Safety Zone?

Back to Contents of Issue: May 2002

Do Japan's school really need high tech surveillance?

by By Mayumi Saito

ON JUNE 8 LAST YEAR, a knife-wielding man stormed into Ikeda Elementary School in Osaka and stabbed to death eight children, wounding 15 others, including two teachers. The tragedy sent a shock wave through a nation struggling to come to terms with growing lawlessness and raised the question of whether or not Japan's schools were still the safe havens they should be.

Debates raged nationwide on how to increase school security, while maintaining the renowned 'open-door' policy generations of Japanese know and love. Local municipalities started taking individual steps to combat intruders, some providing security patrols and distributing whistles and portable alarms to children. In July Atsuko Toyama, the education minister, announced that the government would subsidize those local administrations applying new security measures to their public schools and would help private schools financially too. Projects such as building an emergency-call network for schools and setting up classroom video-surveillance systems became hot topics, bringing the unthinkable into the real world.

Companies that had specialized in home and office security started to target schools as potential customers. Kazuo Sasaki, president of security-system maker SunShine, says, "One reason the number of victims in Ikeda was so high was that the first eyewitness teacher had no way to alert others. She had to run to the teachers' room for help, leaving the kids behind." SunShine offers an emergency alarm system called School Guard, which networks each classroom with the teachers' room. When a stranger breaks into a classroom, the teacher presses a button on a remote control to set a siren off in the teachers' room and display which classroom is at risk. The School Guard system, distributed by NTT-ME, costs JPY230,000 and has sold 250 units to schools, kindergartens and nurseries around Tokyo since last July.

In September, the Tokyo metropolitan government decided to allocate JPY1.5 billion to help set up the emergency-call system School 110 Hot Line with the police department. Up to JPY262,500 per school was allocated to Tokyo's 5,716 nurseries, kindergartens, elementary and junior high schools by the end of fiscal 2001, including both public and private schools. The School 110 Hot Line system works similarly to the police-reporting network already employed at banks: When an incident occurs, a teacher presses the emergency button in the teachers' room to transmit the alert through specialized equipment to the Tokyo metropolitan police department, which then reports the emergency to the school's nearest police station. The theory is that the local force immediately dispatches officers to the school, but use of the system is limited to serious incidents to avoid unnecessary police involvement.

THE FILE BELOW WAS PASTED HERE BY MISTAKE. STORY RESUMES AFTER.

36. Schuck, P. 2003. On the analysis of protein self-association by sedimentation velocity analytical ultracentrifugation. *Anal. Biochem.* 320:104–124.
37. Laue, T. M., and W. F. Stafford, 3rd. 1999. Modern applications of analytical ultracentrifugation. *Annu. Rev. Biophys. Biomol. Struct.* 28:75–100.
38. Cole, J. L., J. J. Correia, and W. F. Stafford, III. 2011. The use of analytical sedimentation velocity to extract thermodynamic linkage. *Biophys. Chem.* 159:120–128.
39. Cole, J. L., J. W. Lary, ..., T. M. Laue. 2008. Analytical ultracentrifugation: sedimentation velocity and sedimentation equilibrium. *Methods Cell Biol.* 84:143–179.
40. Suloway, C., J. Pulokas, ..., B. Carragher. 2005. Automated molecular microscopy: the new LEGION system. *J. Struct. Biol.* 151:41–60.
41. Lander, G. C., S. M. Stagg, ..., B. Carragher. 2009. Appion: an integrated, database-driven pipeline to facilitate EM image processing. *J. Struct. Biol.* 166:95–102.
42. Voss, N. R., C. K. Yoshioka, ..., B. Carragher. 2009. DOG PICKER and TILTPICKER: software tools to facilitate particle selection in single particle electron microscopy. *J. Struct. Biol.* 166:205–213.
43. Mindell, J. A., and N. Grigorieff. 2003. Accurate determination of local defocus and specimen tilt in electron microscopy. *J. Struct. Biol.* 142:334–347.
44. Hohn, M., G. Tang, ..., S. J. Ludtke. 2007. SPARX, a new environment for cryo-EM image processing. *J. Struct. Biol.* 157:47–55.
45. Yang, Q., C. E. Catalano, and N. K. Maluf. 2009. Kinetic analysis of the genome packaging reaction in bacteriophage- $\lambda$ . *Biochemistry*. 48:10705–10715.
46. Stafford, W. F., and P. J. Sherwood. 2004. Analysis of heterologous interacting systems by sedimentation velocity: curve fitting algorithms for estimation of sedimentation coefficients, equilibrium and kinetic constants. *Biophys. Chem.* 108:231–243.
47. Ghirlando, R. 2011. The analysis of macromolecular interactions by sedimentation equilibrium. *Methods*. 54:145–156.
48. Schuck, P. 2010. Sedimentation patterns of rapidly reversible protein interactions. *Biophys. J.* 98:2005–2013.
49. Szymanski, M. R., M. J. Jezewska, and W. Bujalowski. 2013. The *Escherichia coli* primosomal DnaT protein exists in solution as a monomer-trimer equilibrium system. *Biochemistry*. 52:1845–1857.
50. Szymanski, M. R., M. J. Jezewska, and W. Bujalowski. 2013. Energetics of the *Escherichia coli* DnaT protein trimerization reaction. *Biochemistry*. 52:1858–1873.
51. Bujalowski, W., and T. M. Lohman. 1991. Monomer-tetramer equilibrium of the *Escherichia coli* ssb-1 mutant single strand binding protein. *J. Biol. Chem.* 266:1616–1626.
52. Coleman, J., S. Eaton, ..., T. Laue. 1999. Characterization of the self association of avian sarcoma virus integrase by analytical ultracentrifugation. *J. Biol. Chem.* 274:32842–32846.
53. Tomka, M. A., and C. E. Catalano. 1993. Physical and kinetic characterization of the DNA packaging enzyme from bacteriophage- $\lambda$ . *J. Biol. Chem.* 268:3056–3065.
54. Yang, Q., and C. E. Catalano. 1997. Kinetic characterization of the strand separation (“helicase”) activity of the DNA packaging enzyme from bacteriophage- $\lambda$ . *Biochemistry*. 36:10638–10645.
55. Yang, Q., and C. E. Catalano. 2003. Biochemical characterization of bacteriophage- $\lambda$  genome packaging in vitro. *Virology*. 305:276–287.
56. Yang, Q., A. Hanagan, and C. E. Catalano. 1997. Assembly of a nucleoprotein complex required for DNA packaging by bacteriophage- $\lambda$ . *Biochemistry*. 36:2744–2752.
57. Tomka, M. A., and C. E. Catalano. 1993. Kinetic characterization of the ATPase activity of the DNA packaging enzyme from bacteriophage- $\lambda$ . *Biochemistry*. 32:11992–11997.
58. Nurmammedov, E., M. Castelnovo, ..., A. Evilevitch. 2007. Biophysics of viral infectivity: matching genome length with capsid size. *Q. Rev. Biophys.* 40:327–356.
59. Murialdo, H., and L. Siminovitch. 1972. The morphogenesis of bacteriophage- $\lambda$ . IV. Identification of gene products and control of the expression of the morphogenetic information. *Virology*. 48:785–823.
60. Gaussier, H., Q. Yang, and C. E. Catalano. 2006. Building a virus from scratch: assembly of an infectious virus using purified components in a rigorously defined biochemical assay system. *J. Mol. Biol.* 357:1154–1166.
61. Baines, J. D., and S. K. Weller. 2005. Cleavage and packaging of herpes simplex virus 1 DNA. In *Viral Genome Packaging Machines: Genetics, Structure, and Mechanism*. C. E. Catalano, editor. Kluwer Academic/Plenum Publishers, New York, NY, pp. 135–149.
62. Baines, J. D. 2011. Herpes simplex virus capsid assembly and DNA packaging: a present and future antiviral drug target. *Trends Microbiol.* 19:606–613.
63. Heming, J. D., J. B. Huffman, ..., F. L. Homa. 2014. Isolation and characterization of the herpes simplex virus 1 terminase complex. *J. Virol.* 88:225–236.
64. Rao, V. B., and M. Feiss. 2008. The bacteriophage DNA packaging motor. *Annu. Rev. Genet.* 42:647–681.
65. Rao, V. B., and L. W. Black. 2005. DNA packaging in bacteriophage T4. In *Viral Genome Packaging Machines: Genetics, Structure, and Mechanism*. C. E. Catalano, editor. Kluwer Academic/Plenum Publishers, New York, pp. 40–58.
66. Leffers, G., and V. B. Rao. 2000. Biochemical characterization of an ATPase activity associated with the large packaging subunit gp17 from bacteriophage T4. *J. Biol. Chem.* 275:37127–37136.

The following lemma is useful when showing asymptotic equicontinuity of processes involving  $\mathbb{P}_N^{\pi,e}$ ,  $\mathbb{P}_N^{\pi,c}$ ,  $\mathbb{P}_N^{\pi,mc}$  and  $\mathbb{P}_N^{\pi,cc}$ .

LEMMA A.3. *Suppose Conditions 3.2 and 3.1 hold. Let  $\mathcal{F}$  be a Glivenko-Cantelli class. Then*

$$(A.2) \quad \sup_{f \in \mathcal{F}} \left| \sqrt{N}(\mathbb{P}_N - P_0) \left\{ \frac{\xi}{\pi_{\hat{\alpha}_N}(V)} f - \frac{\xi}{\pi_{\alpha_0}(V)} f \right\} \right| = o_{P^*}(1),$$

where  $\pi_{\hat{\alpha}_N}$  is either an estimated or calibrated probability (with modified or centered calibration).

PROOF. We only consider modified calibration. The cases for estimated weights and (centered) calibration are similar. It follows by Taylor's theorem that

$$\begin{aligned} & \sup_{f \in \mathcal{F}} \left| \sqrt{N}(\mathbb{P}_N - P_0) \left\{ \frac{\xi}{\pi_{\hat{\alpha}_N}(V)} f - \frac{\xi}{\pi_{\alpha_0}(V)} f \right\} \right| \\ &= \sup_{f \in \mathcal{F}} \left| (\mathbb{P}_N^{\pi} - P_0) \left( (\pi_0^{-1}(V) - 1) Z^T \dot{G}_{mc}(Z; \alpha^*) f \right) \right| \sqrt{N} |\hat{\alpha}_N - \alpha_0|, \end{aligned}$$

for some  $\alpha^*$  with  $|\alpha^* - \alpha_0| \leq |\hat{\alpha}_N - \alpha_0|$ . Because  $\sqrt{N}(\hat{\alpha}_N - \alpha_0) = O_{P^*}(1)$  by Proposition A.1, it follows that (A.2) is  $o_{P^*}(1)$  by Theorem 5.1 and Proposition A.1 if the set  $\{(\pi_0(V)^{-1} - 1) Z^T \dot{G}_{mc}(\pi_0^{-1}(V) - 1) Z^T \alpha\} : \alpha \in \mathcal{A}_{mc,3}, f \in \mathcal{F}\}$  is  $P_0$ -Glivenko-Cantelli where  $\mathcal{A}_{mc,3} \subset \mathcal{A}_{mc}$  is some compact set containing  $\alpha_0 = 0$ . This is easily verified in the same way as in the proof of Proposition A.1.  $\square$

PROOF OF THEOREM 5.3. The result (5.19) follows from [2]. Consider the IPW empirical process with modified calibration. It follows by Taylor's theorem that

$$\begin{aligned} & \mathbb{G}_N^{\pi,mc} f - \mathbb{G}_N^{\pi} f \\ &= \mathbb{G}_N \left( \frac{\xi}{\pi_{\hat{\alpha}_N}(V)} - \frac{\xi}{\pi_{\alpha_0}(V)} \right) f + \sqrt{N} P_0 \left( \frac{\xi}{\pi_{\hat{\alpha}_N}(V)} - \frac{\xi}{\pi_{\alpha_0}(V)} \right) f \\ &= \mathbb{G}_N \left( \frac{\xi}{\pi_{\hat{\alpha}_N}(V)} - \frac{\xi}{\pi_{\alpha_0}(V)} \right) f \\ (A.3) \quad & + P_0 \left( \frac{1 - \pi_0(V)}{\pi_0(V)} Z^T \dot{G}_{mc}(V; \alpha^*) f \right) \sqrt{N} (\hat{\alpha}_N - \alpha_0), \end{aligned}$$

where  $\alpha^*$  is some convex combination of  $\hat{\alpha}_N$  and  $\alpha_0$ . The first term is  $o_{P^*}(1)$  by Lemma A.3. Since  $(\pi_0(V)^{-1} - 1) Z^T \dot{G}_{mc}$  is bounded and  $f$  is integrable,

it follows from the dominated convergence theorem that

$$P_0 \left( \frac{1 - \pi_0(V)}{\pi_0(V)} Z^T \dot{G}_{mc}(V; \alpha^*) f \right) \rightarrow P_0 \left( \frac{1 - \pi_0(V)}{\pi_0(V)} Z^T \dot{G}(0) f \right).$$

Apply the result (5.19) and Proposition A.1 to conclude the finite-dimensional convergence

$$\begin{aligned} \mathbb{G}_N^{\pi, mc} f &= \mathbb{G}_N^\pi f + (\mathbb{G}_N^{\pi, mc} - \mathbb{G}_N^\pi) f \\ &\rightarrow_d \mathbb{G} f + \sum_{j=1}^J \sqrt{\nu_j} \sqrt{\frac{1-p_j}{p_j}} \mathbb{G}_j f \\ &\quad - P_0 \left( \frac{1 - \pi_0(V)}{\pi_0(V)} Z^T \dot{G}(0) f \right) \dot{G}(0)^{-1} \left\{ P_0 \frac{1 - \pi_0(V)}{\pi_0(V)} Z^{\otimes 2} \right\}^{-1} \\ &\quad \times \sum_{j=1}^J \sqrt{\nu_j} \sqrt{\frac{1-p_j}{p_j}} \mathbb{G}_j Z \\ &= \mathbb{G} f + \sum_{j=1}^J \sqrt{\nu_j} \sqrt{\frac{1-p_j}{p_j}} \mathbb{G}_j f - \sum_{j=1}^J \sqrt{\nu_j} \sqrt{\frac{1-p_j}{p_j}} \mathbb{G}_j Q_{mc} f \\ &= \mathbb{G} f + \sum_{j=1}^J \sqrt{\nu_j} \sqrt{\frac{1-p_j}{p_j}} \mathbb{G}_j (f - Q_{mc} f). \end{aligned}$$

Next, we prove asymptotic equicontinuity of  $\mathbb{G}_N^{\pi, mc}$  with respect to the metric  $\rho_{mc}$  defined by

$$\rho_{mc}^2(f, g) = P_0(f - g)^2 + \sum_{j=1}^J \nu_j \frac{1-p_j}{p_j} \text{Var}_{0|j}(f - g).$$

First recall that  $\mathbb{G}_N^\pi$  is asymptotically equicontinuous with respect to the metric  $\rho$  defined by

Tokyo's education bureau has chosen four systems to qualify for the subsidy: NEC Infrontia's Corsos CSD110 (JPY220,000), The Japan Telecommunications Welfare Association's emergency-call system SPE-110 (JPY250,000), Iwatsu Isec's Patophone PT-2060RK (JPY220,000) and SunShine's School Guard 110 (JPY150,000) developed from the original School Guard model. "We have created business opportunities making the market easy for different companies to enter," says the education bureau's elementary and secondary school section chief Kenichi Goto.

Yet even manufacturers are skeptical about the effectiveness of these systems. SunShine's Sasaki has even written to Tokyo's education bureau explaining the obvious fact that alerting the police can be done with a regular phone in the teachers' room. "No one breaks into the teachers' room. The critical link is that between the classroom and the teachers' room," he chides, calling the JPY25,000-School 110 Hot Line maintenance fee levied on each school wasteful. NTT-ME's sales manager Tsunenori Terakado agrees, adding that the School Guard 110 model has sold fewer than 100 units so far.